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  Table of Contents  
CORRESPONDENCE
Year : 2014  |  Volume : 32  |  Issue : 2  |  Page : 208-210
 

Evaluation of dried blood spot as an alternative specimen for the diagnosis of anti-HCV in resource-limited settings


1 Infectious diseases Laboratory, YRG Centre for AIDS Research and Education (YRG CARE), Voluntary Health Services Hospital Campus Taramani, Chennai, India
2 Johns Hopkins School of Medicine, Baltimore, USA
3 Infectious diseases Laboratory, YRG Centre for AIDS Research and Education (YRG CARE), Voluntary Health Services Hospital Campus Taramani, Chennai, India; Johns Hopkins School of Public Health, Baltimore, USA 21205

Date of Submission17-May-2013
Date of Acceptance09-Aug-2013
Date of Web Publication2-Apr-2014

Correspondence Address:
P Nandagopal
Infectious diseases Laboratory, YRG Centre for AIDS Research and Education (YRG CARE), Voluntary Health Services Hospital Campus Taramani, Chennai, India

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Source of Support: None, Conflict of Interest: None


DOI: 10.4103/0255-0857.129867

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How to cite this article:
Nandagopal P, Iqbal H S, Saravanan S, Solomon S S, Mehta S, Selvakumar M, Chandrasekhar E, Solomon S, Balakrishnan P. Evaluation of dried blood spot as an alternative specimen for the diagnosis of anti-HCV in resource-limited settings. Indian J Med Microbiol 2014;32:208-10

How to cite this URL:
Nandagopal P, Iqbal H S, Saravanan S, Solomon S S, Mehta S, Selvakumar M, Chandrasekhar E, Solomon S, Balakrishnan P. Evaluation of dried blood spot as an alternative specimen for the diagnosis of anti-HCV in resource-limited settings. Indian J Med Microbiol [serial online] 2014 [cited 2019 Sep 15];32:208-10. Available from: http://www.ijmm.org/text.asp?2014/32/2/208/129867


Dear Editor,

It was estimated that 170 million people are infected with HCV worldwide, with about 3 million new infections every year. [1] In India, 12-13 million HCV carriers [2] have been identified so far; thus the diagnosis and characterization of HCV is imperative for the management of HCV disease. The DBS specimen has been found to be the best alternativeto blood derivatives for diagnosing infectious diseases. [3],[4] The present study optimized and evaluated the use of DBS specimens for anti-HCV antibody testing.

The study was done at YRG Centre for AIDS Research and Education (YRG CARE), Chennai, using DBS and plasma specimens. The DBS specimens (n = 60) were prepared with 903 ® Protein saver card (Whatman, NJ, USA) by absorbing 50 μL whole blood in circles. Two 6-mm diameter discs from each circle of DBS were incubated with 260 μL of specimen diluent overnight at 25-30°C. Two hundred microlitres of DBS elute and parallel plasma specimens were tested for anti-HCV ELISA [Murex Biotech S.A (Pty) Ltd, Kyalami, SA].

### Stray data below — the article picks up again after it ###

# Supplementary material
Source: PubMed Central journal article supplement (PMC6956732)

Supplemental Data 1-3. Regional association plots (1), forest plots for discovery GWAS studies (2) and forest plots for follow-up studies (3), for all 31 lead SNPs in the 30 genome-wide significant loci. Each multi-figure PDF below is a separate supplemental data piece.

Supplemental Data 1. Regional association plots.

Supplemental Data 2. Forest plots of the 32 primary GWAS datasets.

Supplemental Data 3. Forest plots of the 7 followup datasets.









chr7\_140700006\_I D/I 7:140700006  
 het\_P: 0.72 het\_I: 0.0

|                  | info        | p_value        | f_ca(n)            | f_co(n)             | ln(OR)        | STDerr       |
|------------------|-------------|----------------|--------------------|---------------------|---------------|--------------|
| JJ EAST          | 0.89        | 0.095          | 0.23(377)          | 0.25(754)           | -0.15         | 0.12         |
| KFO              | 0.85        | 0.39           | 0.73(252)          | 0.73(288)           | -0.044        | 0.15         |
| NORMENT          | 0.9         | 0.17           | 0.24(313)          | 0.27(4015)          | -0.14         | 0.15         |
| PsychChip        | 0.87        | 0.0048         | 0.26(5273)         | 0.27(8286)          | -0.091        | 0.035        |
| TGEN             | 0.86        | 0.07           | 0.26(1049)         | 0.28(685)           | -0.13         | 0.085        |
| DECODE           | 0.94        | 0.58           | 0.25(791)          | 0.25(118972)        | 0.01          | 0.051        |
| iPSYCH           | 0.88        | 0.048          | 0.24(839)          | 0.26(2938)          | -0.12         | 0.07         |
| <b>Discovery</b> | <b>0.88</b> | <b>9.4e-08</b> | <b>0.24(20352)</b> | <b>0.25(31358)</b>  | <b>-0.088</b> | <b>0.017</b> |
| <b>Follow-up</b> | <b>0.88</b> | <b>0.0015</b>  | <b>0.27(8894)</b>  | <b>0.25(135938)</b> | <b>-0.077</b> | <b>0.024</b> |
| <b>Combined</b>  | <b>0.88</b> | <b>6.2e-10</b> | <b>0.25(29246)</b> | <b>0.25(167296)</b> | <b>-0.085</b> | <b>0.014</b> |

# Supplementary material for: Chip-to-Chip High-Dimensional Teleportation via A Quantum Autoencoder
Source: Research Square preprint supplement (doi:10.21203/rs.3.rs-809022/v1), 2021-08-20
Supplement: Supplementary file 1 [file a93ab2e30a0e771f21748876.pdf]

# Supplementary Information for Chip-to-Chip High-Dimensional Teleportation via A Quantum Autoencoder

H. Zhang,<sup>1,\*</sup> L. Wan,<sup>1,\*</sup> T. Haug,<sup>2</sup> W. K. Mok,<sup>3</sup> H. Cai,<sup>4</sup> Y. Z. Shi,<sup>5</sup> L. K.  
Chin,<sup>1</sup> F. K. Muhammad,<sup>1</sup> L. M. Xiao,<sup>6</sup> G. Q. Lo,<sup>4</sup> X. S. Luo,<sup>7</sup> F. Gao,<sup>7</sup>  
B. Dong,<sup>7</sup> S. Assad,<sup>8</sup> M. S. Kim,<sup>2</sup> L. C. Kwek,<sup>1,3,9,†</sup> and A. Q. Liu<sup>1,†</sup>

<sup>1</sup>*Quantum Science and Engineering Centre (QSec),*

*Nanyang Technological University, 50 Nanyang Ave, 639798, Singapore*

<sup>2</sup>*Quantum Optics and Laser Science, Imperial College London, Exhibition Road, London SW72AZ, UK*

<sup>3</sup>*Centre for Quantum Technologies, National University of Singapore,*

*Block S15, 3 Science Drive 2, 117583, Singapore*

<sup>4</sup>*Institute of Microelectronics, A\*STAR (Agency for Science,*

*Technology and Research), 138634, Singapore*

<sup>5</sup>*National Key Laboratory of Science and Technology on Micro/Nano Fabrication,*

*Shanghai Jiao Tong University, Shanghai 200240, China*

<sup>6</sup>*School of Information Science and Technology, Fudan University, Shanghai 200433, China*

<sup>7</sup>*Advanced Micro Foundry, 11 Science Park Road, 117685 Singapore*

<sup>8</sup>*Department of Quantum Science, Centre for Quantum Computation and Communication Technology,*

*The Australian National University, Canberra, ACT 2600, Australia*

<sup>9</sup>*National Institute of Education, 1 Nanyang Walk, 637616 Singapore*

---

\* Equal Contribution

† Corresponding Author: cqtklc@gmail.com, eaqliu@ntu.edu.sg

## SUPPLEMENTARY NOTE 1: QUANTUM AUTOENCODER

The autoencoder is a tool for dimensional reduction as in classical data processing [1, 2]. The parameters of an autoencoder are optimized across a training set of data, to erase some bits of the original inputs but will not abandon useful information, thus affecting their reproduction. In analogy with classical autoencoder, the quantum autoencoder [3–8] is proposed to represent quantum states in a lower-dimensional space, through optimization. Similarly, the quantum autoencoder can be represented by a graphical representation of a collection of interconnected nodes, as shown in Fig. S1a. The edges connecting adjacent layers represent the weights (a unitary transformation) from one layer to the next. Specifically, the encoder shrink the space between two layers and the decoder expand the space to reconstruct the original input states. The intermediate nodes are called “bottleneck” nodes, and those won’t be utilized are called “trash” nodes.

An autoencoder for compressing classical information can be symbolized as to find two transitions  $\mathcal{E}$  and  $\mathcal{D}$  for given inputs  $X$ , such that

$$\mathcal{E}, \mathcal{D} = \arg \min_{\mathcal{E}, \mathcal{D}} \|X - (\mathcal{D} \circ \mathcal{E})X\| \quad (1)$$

There was no difference in qualitative results between plasma and DBS specimens [Table 1]. The sensitivity, specificity, positive predictive value, negative predictive value and efficiency of DBS specimen were found to be 100%. The overall mean OD values of DBS and plasma specimens are 1.041 and 1.439, SD (0.977; 1.31), respectively. The Mann-Whitney U test demonstrated that there was a significant difference in optical density (OD) of these specimens types for both positive (P < 0.01) and negative (P = 0.03) results. The Pearson's correlation coefficient (r) between the specimen types was 0.98 overall and was 0.98 and 0.99 for positive and negative specimens, respectively.
Table 1: Performance characteristics of DBS specimens to detect anti-HCV antibodies against the conventional plasma specimens

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DBS specimens make blood collection easier with IDUs, infants and individuals with thrombosed veins, etc., and it does not require centrifugation or temperature-sensitive transport systems. In conclusion, the DBS specimens could be a reliable alternative testing specimen, which may increase HCV diagnosing opportunities for rural, remote and hard to reach regions. Furthermore, DBS specimens will ultimately be helpful for effective surveillance and field level research purposes in resource-limited settings, as the DBS eliminates many logistical and technical limitations.

 
 ~ References Top

1.Mukhopadhyaya A. Hepatitis C in India. J Biosci 2008;33:465-73.  Back to cited text no. 1
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2.Narahari S, Juwle A, Basak S, Saranath D. Prevalence and geographic distribution of Hepatitis C Virus genotypes in Indian patient cohort. Infect Genet Evol 2009;9:643-5.  Back to cited text no. 2
    
3.Thapa B, Koirala S, Upadhaya B, Mahat K, Malla S, Shakya G. National external quality assurance scheme for hiv testing using dried blood spot: A Feasibility Study. Saarc J Tuberc Lung Dis Hivaids [Internet]. 2012 Feb 12 [Last cited on 2012 Oct 16];8. Available from: http://www.nepjol.info/index.php/SAARCTB/article/view/5897 [Last accessed on 6 Feb 2014].  Back to cited text no. 3
    
4.Lee CE, Sri Ponnampalavanar S, Syed Omar SF, Mahadeva S, Ong LY, Kamarulzaman A. Evaluation of the dried blood spot (DBS) collection method as a tool for detection of HIV Ag/Ab, HBsAg, anti-HBs and anti-HCV in a Malaysian tertiary referral hospital. Ann Acad Med Singapore 2011;40:448-53.  Back to cited text no. 4
    



 
 
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